Inside the Apple iPad: how one company got the photos first
The iPad finally hit US stores last Saturday, but the race to unlock its mysteries started several weeks ago in San Luis Obispo, a picturesque college town roughly 200 miles south of Apple’s Silicon Valley headquarters.
On March 12, Kyle Wiens and Luke Soules woke up before dawn. Their plan demanded that they be among the first to get their hands on the device.
Armed with heat guns, suction cups and other tools of the trade, the duo set out to reveal some of the tablet’s most closely guarded secrets
So at 5.30am, the minute Apple began taking iPad orders on its website, Wiens and Soules – do-it-yourself repair evangelists and co-founders of a company called iFixit – placed theirs. As delivery addresses, they entered several US locations where their research determined the iPad is likely to arrive soonest. They could tell you which ones, but they’d have to kill you.
Armed with heat guns, suction cups and other tools of the trade, the duo set out on Saturday to reveal some of the tablet’s most closely guarded secrets: the design and components that make it tick. By the time the lines outside Apple Stores started to thin, iFixit had provided a blow-by-blow account of its “teardown” to the world, complete with a photo montage.
Such details are manna for the Apple faithful, and iFixit has made a name for itself in technology circles by providing them fast. To do so, Wiens and Soules must above all make sure they are among the very first people to be in actual possession of these hotly anticipated gadgets. And this being Apple, one of the world’s most secretive companies, each launch presents a different set of challenges.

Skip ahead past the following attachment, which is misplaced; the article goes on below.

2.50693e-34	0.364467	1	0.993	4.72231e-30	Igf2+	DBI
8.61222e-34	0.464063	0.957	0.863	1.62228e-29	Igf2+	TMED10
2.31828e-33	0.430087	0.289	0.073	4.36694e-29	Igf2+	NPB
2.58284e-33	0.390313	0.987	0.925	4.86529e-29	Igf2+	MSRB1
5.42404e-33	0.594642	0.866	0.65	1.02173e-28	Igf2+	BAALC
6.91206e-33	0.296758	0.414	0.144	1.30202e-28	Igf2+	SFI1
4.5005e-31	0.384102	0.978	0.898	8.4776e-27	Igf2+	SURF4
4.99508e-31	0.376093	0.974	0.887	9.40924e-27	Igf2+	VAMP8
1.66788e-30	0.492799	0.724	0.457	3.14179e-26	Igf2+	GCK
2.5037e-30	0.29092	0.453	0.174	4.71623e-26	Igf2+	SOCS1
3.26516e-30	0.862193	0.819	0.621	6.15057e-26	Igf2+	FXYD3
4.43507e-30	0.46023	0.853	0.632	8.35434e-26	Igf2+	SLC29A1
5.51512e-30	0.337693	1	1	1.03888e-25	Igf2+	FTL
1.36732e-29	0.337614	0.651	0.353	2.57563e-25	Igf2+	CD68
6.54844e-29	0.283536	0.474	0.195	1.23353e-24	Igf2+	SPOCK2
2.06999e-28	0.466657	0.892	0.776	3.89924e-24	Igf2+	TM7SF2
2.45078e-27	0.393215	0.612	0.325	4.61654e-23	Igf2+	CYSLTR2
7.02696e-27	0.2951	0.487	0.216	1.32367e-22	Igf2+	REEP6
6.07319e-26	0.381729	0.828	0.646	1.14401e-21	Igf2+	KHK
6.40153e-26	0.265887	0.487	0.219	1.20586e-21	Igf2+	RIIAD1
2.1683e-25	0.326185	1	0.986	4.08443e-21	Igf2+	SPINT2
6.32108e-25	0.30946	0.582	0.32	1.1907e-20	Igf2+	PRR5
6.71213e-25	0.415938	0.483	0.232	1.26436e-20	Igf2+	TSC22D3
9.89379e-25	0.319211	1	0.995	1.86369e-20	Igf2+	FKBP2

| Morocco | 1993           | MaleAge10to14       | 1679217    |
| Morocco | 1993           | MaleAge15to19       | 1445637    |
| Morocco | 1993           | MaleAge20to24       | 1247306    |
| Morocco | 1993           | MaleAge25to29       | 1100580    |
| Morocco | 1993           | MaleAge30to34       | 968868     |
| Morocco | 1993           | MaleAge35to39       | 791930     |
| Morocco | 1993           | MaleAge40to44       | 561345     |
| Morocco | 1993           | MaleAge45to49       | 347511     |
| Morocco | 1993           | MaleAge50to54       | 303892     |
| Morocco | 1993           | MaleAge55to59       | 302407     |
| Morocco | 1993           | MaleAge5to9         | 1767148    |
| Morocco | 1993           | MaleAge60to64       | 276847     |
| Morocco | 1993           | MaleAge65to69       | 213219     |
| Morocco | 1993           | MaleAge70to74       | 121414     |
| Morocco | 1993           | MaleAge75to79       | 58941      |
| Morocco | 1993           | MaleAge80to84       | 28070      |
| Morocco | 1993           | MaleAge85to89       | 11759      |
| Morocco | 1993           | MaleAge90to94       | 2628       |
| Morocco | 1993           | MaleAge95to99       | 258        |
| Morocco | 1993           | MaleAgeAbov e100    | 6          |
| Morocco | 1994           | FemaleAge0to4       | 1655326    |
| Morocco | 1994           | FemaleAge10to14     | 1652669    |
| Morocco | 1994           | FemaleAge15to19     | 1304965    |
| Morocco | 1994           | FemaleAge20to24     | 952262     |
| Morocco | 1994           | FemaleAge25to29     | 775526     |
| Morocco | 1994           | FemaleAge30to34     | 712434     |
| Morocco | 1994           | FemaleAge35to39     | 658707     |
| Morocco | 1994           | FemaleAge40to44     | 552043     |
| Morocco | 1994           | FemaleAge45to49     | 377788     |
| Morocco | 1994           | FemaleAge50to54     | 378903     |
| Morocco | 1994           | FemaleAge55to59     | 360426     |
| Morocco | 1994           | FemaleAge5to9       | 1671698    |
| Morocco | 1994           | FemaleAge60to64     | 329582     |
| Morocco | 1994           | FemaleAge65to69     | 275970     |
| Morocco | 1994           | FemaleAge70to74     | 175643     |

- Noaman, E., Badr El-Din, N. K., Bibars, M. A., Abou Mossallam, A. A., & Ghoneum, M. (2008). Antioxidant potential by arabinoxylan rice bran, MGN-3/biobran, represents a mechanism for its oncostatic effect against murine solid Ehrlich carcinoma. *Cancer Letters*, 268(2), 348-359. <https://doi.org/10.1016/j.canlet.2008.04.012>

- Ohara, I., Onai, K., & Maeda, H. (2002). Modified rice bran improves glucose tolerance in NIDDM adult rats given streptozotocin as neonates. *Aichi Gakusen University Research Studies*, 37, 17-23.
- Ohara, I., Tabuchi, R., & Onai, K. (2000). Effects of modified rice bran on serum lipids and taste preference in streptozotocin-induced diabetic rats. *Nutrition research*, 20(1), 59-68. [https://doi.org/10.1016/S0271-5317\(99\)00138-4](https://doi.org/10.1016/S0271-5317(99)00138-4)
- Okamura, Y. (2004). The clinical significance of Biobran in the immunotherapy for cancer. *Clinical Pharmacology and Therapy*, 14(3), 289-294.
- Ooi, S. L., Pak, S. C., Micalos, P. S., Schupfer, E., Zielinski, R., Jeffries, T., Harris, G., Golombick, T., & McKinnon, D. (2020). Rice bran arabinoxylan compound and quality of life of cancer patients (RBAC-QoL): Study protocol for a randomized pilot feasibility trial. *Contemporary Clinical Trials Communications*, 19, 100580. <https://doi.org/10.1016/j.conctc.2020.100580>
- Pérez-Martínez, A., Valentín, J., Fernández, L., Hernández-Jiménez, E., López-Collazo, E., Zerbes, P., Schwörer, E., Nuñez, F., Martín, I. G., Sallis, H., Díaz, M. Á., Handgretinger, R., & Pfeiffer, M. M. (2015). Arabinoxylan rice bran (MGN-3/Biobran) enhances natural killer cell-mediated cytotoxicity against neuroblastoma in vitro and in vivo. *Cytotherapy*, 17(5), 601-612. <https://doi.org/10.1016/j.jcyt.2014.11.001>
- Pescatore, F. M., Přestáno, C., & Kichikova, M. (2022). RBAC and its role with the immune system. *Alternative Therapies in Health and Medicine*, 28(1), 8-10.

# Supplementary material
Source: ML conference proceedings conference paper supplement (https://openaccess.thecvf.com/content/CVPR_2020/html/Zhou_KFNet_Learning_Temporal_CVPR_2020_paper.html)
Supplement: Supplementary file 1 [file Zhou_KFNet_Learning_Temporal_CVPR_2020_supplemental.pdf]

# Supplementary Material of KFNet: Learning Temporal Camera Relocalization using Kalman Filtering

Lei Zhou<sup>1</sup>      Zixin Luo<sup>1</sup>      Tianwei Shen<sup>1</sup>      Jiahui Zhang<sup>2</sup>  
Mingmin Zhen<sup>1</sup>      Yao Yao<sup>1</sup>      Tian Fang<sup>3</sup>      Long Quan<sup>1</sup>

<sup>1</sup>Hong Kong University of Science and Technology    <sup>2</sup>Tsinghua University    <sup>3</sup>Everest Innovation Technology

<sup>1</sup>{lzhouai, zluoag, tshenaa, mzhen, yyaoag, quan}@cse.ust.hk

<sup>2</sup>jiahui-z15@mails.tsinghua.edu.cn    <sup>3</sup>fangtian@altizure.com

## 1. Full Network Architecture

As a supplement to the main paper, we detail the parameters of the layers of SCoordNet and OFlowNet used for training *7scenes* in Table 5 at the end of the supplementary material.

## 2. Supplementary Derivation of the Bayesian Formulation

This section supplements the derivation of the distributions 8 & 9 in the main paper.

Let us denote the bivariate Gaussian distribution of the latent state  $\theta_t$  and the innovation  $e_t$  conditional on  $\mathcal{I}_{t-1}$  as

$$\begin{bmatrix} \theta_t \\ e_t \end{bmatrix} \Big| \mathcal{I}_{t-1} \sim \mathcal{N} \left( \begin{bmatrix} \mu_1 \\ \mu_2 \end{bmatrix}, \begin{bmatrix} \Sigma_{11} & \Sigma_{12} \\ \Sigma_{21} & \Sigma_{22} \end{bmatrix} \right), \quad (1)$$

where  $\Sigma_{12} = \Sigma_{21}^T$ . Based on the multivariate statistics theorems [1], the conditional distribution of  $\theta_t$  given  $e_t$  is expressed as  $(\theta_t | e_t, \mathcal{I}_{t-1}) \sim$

Apple’s mostly unsung suppliers, which are barred from talking about their most famous customer, will admit in private that they love these teardowns by iFixit and others. The spectacles trumpet to the world that a manufacturer is good enough to make it into an Apple product. In late 2006, the mere rumor that a component by Skyworks Solutions would be in the original iPhone was enough to boost its share price.
Perhaps not surprisingly, Apple, which declined to comment for this story, does not like anybody monkeying around with its devices. This after all is a company that won’t even let users change their iPod and iPhone batteries. It has fired executives over leaks and sued bloggers to halt their revelations.
But there is nothing Apple can do about teardowns. “What we do is completely legal, but if they could stop us they would,” Wiens, 26, said with a touch of pride. He said that iFixit has had no formal contact with Apple.